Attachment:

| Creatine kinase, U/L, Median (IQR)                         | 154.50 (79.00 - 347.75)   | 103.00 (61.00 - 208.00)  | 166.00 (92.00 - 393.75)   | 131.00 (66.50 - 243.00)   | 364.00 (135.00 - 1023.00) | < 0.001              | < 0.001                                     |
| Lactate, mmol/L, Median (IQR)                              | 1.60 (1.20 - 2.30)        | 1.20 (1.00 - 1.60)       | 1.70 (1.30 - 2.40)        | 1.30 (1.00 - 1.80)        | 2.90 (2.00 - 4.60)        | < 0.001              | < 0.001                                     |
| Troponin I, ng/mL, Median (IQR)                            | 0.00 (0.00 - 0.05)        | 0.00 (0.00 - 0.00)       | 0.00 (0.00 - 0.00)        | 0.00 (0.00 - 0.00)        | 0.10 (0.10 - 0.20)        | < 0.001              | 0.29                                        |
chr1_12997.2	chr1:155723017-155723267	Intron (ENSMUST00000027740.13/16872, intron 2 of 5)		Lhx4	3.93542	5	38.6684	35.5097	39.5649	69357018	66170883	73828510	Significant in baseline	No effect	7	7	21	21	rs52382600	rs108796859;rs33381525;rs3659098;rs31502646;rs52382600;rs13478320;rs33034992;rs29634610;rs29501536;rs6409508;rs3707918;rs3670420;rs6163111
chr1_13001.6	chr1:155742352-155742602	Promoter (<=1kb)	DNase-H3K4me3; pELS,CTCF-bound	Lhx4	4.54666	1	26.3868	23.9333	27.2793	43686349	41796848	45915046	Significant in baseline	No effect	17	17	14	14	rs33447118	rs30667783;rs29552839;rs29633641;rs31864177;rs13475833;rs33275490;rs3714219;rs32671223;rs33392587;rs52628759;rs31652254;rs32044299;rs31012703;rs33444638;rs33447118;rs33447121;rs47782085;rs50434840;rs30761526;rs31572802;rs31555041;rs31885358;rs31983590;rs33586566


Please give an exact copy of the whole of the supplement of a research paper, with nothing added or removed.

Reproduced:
| Creatine kinase, U/L, Median (IQR)                         | 154.50 (79.00 - 347.75)   | 103.00 (61.00 - 208.00)  | 166.00 (92.00 - 393.75)   | 131.00 (66.50 - 243.00)   | 364.00 (135.00 - 1023.00) | < 0.001              | < 0.001                                     |
| Lactate, mmol/L, Median (IQR)                              | 1.60 (1.20 - 2.30)        | 1.20 (1.00 - 1.60)       | 1.70 (1.30 - 2.40)        | 1.30 (1.00 - 1.80)        | 2.90 (2.00 - 4.60)        | < 0.001              | < 0.001                                     |
| Troponin I, ng/mL, Median (IQR)                            | 0.00 (0.00 - 0.05)        | 0.00 (0.00 - 0.00)       | 0.00 (0.00 - 0.00)        | 0.00 (0.00 - 0.00)        | 0.10 (0.10 - 0.20)        | < 0.001              | 0.29                                        |
chr1_12997.2	chr1:155723017-155723267	Intron (ENSMUST00000027740.13/16872, intron 2 of 5)		Lhx4	3.93542	5	38.6684	35.5097	39.5649	69357018	66170883	73828510	Significant in baseline	No effect	7	7	21	21	rs52382600	rs108796859;rs33381525;rs3659098;rs31502646;rs52382600;rs13478320;rs33034992;rs29634610;rs29501536;rs6409508;rs3707918;rs3670420;rs6163111
chr1_13001.6	chr1:155742352-155742602	Promoter (<=1kb)	DNase-H3K4me3; pELS,CTCF-bound	Lhx4	4.54666	1	26.3868	23.9333	27.2793	43686349	41796848	45915046	Significant in baseline	No effect	17	17	14	14	rs33447118	rs30667783;rs29552839;rs29633641;rs31864177;rs13475833;rs33275490;rs3714219;rs32671223;rs33392587;rs52628759;rs31652254;rs32044299;rs31012703;rs33444638;rs33447118;rs33447121;rs47782085;rs50434840;rs30761526;rs31572802;rs31555041;rs31885358;rs31983590;rs33586566